Renaissance Boy

On Sunday, Aug. 13, 1972, the Minneapolis Tribune reported that U.S. B-52 bombers flew 130 strikes over Indochina, dropping more than 3,000 tons of weapons “on North Vietnamese supply caches, staging areas and troop concentrations.”DrawingMain

The news included other “similarly mundane” headlines to this 12-year-old: Harriman, Vance say Nixon ignored 1969 peace bid” and “President claims economic success.” In sports, Tarkenton, Vikings topple Chargers 24­­–13.”

The top movies that summer were Ben, The Candidate, Conquest of the Planet of the Apes, The Godfather, Frenzy and Slaughterhouse-Five.

Donny Osmond (“Puppy Love”) and Wayne Newton (“Daddy Don’t You Run So Fast”), oddly enough, dominated the radio. The big hit since July was Gilbert O’Sullivan’s “Alone Again (Naturally).”

That Sunday’s forecast hinted at a chance of showers, high of 90, low of 62, under fair skies.

And just around sunset, at 8:23 p.m., after the dinner table was cleared, TVs were switched on.

There I was, probably in front of our living room RCA color TV, watching a program that would affect me for the next couple of years—if not the rest of my life.


While there’s no diary entry to reveal exactly how that Sunday unfolded (I wouldn’t start writing in diaries until Jan. 1, 1973), I recently discovered four spiral-bound Easel brand stenographic notebooks with drawings from that time.

My inspiration?

Leonardo da Vinci.

Drawing1You see, a CBS broadcast that Sunday at 8:00 p.m. was the first of a five-part drama titled “The Life of Leonardo da Vinci.” Produced by Italian TV, I recall the out-of-sync English-dubbed commentary by a bearded presenter named Giulio Bosetti.

After Part 1, I was hooked. I stayed with it until it ended in September.

What surprises me now is how the Family Project was on board, too.

Or maybe they weren’t.

Dad was a huge fan of Bonanza, on the local NBC affiliate, which ran at the same time as “Leonardo.” On ABC, Part 2 of a Russian production of Tolstoy’s War and Peace aired. Mom probably wanted to watch that. Independent station WTCN-11 viewers settled in that night for the musical stylings of Michel Legrand.

So whether the folks watched “Leonardo” with me that night, and then resorted to their usual TV fare for the subsequent parts, I don’t know. I probably watched later episodes alone on the small black and white TV that Mom kept in the kitchen.

I now wonder how all this young, nerdy-artistic enthusiasm was received by others—kids at school, in the neighborhood, and within the Family Project.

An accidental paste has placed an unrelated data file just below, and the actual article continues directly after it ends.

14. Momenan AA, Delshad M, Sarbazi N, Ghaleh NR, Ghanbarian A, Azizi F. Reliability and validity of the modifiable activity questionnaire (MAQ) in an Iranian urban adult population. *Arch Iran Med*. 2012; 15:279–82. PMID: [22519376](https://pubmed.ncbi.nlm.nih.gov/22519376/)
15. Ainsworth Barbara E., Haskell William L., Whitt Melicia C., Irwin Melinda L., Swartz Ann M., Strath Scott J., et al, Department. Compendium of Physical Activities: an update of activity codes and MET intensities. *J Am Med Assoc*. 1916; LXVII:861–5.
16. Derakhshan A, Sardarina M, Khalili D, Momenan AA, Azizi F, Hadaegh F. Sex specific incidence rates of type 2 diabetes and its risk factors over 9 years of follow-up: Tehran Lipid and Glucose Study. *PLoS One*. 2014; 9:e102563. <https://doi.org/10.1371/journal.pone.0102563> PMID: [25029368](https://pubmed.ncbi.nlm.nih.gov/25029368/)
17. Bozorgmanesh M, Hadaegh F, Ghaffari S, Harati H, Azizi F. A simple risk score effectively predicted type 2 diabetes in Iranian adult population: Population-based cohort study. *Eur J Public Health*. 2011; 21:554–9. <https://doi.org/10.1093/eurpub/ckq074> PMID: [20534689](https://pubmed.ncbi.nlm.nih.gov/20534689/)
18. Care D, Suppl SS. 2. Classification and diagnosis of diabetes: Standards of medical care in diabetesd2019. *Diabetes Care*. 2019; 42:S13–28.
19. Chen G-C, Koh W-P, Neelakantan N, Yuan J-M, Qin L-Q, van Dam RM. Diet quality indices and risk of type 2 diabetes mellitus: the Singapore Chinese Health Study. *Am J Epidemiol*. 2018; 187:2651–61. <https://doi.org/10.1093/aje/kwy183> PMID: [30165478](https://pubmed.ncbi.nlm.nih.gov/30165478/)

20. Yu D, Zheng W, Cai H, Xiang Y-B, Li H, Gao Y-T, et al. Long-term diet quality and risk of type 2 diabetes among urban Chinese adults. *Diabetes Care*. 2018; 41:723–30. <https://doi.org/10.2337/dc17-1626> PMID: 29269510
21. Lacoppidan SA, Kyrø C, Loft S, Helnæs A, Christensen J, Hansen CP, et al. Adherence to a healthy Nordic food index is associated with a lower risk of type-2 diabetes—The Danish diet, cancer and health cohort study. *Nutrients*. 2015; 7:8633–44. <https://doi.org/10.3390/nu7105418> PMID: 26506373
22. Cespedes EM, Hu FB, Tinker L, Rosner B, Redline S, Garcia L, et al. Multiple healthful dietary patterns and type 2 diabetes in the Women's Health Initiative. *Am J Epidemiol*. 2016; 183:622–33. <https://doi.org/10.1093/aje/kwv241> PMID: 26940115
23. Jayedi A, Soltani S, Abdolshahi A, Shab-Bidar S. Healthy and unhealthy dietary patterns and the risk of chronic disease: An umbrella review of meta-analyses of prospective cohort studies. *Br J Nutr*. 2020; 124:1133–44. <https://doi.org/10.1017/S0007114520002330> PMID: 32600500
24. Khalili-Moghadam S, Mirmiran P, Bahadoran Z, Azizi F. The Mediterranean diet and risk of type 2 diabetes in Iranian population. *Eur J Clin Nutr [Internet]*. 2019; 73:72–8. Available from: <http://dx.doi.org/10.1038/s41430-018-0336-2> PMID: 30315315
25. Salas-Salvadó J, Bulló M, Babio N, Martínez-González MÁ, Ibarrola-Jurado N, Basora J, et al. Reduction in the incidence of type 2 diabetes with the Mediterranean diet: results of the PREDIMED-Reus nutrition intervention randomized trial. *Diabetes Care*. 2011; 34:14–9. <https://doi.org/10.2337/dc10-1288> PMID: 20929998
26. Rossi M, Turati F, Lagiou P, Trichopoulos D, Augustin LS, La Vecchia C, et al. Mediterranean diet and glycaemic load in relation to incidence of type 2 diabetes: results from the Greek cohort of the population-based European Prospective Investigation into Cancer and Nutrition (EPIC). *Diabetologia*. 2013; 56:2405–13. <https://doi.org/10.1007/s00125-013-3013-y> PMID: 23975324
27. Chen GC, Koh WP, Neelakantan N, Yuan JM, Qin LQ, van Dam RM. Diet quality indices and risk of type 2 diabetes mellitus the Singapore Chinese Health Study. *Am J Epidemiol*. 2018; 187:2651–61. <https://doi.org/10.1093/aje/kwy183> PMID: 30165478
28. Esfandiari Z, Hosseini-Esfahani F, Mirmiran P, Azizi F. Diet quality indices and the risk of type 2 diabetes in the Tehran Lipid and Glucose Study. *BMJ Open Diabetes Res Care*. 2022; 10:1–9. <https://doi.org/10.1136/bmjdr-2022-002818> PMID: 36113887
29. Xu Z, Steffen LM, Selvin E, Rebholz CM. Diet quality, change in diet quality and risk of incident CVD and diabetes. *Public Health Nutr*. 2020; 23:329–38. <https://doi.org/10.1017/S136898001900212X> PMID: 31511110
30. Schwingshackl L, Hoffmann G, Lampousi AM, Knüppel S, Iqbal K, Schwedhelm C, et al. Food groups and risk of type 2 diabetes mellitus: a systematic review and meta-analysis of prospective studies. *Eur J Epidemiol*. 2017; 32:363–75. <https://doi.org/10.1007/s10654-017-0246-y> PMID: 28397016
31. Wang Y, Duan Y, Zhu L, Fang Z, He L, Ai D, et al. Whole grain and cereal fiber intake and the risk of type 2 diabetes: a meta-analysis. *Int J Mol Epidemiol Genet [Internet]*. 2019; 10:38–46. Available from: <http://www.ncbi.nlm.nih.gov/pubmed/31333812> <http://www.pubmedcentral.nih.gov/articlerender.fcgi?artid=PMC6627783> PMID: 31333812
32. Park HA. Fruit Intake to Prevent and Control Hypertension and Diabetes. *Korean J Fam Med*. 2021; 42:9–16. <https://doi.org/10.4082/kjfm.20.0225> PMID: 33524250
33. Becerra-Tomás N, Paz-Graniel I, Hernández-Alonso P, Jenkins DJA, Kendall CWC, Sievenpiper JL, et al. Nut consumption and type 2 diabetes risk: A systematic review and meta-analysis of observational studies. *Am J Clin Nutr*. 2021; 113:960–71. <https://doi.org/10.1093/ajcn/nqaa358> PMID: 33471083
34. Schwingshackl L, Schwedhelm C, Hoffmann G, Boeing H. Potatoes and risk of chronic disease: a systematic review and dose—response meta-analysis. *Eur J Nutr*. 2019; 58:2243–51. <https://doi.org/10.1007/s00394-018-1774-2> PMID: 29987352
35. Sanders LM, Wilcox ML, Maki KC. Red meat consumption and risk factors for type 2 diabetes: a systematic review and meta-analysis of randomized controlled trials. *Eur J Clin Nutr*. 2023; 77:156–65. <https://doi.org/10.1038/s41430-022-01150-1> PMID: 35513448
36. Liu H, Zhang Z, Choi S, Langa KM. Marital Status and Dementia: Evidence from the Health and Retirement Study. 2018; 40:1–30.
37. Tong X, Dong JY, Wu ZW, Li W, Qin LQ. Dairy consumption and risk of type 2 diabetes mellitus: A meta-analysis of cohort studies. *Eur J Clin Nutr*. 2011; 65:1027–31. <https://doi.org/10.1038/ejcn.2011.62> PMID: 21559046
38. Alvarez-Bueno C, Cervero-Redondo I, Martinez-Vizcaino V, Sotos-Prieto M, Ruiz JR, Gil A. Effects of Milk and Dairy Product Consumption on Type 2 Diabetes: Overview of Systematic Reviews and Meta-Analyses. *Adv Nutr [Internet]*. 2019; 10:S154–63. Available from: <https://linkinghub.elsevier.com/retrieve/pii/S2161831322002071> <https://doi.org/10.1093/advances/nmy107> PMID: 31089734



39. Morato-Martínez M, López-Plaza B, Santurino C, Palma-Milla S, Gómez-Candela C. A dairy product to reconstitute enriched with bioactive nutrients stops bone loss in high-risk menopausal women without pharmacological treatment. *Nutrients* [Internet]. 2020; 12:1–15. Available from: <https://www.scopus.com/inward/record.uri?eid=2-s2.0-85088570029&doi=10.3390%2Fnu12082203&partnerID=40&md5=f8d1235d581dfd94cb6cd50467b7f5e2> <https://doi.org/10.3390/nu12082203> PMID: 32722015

Being that Dad’s background was architecture (he liked to draw, too, and had impeccable handwriting), he probably encouraged me. I don’t recall anything specific, but the fact my brother and I were given space to explore must’ve been the folks’ way to involve their children in new things without seeming too pushy. Dad had tried that once before, to somewhat unhappy results.

When I saw a two-volume, soft-covered Dover Publications set of The Notebooks of Leonardo da Vinci, my obsession only deepened. I saved money from a paper route (and whatever allowance I received) to finally make the purchase at Ridgedale mall’s B. Dalton Bookseller.

I pored over those thick Dover volumes: the intricate sketches, diagrams, maps, and even philosophical maxims, letters, and notes. Da Vinci was someone a sensitive preteen could aspire to: artist, scientist, philosopher … a real Renaissance man.

So, literally taking a page from The Maestro, I started learning how to draw.RenBoy

This went on for another two years, when the diary finally took over. The self-portrait (at right), drawn in early Sept. 1972, before the final episode of “Leonardo” aired, is a good example.

I found drawing difficult; it took concentration, taking the time to truly see things—the shape of eyes, mouth, face—and render them on paper as best I could.

Later, on Jan. 6, 1974, I used a drawing as background for a story titled “Mind and Body.” It was another Sunday, so I noted in the diary: “…time to work on my story ‘Mind and Body’ and my Geography booklet.”

The previous summer, before leaving on a Family Project trip to Canada (photo below left), I made sketches of ancient Roman soldiers, writing in the diary on July 11: “This morning I went to Vera’s to get a book and a sci-fi mag for our trip.”

DrawingFinalThere’s that obsessed kid again, nose in a book or magazine, always studying.

And ya know something?

I’d like to get him back.

As I’ve gotten older, I take things for granted. I assume I “already know stuff”—an assumption that constantly needs checking.

However, there’s something deeply satisfying about veering off the beaten path, looking at things in a way you never did before.

Perhaps Leonardo in his notebooks said it best:

“Learning acquired in youth arrests the evil of old age; and if you understand that old age has wisdom for its food, you will so conduct yourself in youth that your old age will not lack for nourishment.”

Gosh, let’s hope so.

~ by completelyinthedark on April 3, 2015.

One Response to “Renaissance Boy”

  1. Reblogged this on Completely in the Dark and commented:

    Working on a plan to get that obsessed former me drawing again. All-new CITD post next Friday. Cheers, Mike


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